Cinder Cooper Barnes
- Montgomery College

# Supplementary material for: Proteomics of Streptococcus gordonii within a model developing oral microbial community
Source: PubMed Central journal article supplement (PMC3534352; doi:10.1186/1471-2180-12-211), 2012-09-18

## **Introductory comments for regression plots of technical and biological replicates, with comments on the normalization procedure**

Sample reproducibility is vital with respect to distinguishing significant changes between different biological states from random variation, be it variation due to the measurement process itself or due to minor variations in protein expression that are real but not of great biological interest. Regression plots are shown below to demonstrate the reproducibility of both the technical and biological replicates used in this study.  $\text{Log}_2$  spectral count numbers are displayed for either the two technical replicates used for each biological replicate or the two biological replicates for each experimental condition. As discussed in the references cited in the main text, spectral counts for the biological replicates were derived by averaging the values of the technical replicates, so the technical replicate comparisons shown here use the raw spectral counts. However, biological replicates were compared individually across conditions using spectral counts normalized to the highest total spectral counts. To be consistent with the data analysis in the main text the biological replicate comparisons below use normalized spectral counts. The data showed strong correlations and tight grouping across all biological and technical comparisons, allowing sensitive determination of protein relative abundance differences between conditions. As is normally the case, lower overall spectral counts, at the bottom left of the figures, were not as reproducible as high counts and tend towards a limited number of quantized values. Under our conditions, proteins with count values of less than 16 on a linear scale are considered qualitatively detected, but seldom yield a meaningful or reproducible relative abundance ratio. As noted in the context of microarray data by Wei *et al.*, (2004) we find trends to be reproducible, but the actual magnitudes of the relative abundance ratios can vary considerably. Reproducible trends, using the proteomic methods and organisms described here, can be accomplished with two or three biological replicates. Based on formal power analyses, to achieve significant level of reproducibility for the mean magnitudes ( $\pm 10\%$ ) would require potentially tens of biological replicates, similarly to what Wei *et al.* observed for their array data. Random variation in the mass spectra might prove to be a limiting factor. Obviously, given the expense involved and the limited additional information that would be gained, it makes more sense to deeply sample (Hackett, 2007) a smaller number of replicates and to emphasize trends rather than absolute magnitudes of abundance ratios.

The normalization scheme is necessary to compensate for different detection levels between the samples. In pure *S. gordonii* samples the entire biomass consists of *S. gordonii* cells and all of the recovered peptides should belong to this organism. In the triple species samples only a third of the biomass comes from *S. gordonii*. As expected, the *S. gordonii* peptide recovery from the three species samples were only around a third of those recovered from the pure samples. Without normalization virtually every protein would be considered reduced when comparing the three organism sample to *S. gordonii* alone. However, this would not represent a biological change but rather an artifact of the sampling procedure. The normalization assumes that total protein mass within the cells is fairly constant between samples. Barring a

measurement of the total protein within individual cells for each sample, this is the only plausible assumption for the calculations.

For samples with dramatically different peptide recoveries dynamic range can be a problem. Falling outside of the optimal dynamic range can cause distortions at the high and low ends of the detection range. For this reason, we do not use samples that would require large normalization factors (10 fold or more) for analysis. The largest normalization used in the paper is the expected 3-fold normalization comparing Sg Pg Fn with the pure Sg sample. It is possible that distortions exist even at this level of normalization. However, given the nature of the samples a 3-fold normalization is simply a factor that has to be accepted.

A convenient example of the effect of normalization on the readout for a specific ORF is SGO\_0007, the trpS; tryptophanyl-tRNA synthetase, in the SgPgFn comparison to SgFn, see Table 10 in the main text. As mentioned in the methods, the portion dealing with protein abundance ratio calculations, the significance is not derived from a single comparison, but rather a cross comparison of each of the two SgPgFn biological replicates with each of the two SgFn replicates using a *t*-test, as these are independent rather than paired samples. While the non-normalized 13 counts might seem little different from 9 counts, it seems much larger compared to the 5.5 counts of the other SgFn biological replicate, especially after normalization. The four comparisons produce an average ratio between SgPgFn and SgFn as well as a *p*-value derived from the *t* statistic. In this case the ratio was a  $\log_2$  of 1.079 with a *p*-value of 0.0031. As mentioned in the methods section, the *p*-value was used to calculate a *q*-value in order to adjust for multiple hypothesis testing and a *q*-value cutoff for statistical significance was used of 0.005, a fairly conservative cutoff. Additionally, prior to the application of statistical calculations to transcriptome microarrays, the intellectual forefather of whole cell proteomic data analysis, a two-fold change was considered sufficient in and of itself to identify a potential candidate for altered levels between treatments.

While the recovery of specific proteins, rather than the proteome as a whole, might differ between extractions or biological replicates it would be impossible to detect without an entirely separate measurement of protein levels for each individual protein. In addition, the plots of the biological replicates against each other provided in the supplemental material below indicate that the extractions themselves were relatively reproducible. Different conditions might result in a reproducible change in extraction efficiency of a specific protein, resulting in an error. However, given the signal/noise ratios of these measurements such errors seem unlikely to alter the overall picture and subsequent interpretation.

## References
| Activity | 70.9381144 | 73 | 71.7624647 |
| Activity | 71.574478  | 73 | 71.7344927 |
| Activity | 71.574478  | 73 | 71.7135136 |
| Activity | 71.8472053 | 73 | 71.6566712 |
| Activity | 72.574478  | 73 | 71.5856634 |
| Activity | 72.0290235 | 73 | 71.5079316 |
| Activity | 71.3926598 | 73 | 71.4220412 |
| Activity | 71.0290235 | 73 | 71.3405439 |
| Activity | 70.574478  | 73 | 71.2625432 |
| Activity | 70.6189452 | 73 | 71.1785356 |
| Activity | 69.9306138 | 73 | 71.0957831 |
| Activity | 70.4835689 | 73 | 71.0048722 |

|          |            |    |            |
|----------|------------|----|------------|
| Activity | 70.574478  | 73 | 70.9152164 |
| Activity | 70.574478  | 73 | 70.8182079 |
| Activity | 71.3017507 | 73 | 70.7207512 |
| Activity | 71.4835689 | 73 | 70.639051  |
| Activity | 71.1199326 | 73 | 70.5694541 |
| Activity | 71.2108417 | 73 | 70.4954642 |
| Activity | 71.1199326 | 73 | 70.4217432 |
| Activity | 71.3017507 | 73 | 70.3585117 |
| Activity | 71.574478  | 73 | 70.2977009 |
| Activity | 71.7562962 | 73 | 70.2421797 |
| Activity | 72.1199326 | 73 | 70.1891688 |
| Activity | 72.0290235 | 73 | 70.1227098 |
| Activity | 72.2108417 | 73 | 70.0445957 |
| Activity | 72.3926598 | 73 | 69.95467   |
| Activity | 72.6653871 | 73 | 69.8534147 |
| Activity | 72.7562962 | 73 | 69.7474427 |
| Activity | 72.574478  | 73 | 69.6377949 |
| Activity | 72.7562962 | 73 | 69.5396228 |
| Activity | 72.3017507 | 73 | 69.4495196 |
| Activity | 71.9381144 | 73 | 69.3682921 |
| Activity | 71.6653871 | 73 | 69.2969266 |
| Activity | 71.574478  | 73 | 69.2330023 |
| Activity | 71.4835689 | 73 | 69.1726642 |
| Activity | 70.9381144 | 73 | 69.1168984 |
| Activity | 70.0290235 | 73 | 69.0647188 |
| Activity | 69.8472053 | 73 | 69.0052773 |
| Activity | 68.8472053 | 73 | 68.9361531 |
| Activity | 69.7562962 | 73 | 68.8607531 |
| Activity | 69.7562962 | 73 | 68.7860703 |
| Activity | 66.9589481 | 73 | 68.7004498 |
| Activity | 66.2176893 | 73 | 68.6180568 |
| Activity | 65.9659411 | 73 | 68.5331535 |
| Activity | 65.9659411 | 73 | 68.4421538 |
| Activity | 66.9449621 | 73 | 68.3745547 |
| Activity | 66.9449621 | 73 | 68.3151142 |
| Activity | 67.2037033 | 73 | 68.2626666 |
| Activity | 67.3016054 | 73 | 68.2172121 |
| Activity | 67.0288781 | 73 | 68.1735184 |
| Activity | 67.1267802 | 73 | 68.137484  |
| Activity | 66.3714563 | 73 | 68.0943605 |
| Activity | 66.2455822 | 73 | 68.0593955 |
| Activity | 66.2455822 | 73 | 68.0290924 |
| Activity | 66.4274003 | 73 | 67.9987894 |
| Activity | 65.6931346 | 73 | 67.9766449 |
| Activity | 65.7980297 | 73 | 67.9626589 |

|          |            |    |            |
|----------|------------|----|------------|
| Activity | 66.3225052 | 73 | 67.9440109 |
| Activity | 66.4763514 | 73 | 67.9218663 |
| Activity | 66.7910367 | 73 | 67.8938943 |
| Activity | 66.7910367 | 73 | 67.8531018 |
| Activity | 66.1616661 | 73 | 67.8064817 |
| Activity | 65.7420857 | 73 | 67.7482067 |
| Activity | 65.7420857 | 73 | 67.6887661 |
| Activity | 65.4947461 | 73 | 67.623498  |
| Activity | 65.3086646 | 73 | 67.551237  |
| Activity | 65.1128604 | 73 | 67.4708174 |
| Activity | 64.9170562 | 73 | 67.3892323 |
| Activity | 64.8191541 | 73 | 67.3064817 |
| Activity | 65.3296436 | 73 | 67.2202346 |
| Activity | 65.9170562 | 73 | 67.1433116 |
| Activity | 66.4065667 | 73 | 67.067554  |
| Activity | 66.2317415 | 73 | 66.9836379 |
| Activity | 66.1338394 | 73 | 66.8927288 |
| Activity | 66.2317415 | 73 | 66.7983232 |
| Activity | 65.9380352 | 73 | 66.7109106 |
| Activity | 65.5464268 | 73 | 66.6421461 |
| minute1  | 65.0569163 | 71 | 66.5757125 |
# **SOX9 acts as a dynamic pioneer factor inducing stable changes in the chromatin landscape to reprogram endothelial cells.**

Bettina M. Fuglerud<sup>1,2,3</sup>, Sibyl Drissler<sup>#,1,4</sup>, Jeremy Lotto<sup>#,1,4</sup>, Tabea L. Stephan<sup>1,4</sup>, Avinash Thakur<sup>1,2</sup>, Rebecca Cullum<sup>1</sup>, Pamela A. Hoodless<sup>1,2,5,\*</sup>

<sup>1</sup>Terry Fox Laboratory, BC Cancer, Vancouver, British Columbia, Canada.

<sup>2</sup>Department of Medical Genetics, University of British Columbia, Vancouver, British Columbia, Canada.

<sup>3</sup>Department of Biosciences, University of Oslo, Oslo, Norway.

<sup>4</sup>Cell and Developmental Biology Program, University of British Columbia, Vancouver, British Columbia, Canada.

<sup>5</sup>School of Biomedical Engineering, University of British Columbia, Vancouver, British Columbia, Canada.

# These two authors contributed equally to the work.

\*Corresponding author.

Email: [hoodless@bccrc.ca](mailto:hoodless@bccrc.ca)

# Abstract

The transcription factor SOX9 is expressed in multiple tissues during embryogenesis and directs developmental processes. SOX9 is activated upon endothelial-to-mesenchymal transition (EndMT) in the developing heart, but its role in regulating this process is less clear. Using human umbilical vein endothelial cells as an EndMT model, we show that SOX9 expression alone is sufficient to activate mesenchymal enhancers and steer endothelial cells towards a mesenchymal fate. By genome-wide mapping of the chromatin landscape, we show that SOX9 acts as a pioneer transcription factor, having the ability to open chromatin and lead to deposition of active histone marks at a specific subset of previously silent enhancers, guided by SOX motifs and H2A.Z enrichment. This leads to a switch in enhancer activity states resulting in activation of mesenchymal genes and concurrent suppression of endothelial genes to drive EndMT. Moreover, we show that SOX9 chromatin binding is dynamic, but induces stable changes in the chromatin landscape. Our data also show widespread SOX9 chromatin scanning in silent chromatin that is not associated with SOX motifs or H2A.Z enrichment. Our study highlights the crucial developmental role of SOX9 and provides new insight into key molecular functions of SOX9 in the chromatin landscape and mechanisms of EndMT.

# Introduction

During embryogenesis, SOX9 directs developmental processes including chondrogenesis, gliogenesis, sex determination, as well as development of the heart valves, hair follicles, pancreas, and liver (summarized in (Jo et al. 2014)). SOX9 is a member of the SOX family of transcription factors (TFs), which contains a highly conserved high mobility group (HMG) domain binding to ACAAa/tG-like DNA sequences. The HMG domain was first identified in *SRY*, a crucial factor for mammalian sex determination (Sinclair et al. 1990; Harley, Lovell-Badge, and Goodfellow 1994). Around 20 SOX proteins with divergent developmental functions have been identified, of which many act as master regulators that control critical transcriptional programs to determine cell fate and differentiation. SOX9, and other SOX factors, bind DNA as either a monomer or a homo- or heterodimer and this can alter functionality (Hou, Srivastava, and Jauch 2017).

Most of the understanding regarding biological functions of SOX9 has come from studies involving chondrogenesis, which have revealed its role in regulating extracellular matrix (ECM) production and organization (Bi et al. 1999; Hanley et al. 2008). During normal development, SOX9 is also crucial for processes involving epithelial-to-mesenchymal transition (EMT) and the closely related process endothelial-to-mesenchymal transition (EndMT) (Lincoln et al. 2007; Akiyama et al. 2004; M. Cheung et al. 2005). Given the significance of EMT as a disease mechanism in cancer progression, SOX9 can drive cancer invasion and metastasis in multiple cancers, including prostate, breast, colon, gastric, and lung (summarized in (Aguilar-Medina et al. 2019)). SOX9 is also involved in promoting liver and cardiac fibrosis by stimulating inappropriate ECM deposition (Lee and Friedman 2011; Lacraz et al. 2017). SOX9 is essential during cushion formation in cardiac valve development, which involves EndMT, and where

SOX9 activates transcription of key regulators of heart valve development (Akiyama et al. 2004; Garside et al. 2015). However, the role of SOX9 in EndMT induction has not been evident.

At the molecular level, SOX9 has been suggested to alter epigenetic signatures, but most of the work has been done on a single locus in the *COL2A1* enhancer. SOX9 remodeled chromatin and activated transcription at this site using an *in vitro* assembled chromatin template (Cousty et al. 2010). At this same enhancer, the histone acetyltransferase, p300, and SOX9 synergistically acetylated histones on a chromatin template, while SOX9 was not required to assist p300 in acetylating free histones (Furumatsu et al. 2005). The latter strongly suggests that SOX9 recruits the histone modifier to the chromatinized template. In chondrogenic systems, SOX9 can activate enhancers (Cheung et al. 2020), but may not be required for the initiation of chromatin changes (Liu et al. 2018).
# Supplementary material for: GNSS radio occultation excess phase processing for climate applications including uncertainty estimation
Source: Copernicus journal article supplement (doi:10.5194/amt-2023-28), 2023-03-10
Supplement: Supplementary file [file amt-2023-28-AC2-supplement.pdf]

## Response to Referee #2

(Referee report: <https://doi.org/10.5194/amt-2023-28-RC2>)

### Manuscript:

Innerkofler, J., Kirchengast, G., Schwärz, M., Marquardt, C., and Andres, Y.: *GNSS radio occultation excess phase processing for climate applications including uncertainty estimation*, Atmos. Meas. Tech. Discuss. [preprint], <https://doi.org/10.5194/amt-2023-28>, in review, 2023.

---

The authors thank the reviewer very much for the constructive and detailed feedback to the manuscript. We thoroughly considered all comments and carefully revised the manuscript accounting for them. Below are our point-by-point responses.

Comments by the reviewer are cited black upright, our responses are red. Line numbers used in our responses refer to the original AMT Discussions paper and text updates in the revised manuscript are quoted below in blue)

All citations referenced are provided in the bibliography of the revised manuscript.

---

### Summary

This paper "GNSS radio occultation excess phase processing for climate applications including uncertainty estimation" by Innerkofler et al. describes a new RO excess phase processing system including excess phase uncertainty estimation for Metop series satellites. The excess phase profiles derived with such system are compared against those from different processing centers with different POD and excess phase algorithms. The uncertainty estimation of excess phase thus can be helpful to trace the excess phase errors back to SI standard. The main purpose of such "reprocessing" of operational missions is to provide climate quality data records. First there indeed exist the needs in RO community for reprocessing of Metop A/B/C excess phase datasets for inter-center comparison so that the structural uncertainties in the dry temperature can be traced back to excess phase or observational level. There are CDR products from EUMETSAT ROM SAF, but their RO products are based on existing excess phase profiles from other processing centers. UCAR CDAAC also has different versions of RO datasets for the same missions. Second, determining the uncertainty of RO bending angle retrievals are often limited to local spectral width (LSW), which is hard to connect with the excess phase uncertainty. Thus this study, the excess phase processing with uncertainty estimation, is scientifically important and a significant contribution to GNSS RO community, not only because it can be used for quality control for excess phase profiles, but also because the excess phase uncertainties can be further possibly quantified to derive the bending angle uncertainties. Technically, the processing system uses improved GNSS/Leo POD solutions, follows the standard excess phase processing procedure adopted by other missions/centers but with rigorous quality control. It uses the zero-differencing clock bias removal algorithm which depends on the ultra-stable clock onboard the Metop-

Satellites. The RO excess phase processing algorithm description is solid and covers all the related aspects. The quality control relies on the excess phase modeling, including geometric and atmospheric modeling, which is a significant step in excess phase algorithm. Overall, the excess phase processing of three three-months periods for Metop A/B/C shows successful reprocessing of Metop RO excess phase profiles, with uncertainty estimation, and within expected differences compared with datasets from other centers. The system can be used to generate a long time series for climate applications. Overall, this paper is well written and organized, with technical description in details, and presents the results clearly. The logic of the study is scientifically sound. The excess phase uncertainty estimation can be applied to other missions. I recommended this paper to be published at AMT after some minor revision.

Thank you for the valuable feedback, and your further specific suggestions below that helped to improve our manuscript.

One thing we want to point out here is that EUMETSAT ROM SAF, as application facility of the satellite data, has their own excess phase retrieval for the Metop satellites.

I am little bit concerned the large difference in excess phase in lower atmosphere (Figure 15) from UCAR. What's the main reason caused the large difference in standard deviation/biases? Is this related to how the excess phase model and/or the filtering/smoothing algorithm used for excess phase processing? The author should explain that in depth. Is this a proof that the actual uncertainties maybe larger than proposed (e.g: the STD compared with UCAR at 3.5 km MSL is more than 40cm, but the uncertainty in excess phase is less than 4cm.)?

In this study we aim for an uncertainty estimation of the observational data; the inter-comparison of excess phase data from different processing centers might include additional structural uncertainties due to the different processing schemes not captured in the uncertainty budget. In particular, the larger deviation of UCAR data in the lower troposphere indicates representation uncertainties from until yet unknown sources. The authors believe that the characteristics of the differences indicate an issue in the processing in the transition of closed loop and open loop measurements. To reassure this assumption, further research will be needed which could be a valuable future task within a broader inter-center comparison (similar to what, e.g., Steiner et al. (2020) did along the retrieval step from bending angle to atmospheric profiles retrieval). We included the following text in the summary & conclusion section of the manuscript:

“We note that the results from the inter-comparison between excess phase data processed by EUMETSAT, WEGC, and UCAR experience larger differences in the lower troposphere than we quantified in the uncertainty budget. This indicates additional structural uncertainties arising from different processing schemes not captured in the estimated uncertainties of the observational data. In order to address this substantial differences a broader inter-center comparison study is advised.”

Two contemporary incarnations of African American cultural and anthropological vernacular traditions are embodied and symbolized in brick and mortar forms—the juke joint and the black church—which are respectively disappearing and evolving in black life in the United States. The non-traditional/non-academic vernacular traditions include the rhetorical forms that, as posited by Henry Louis Gates, are part of the oral tradition of black expression, while vernacular architecture is structured specific to a region’s culture/geography. The juke joint and black church demonstrate the richness of black life in the United States and its response to socio-economic change. The culture and politics surrounding these two institutions as living vernacular artifacts illustrate the roles that they play, and have historically played, in black Southern life.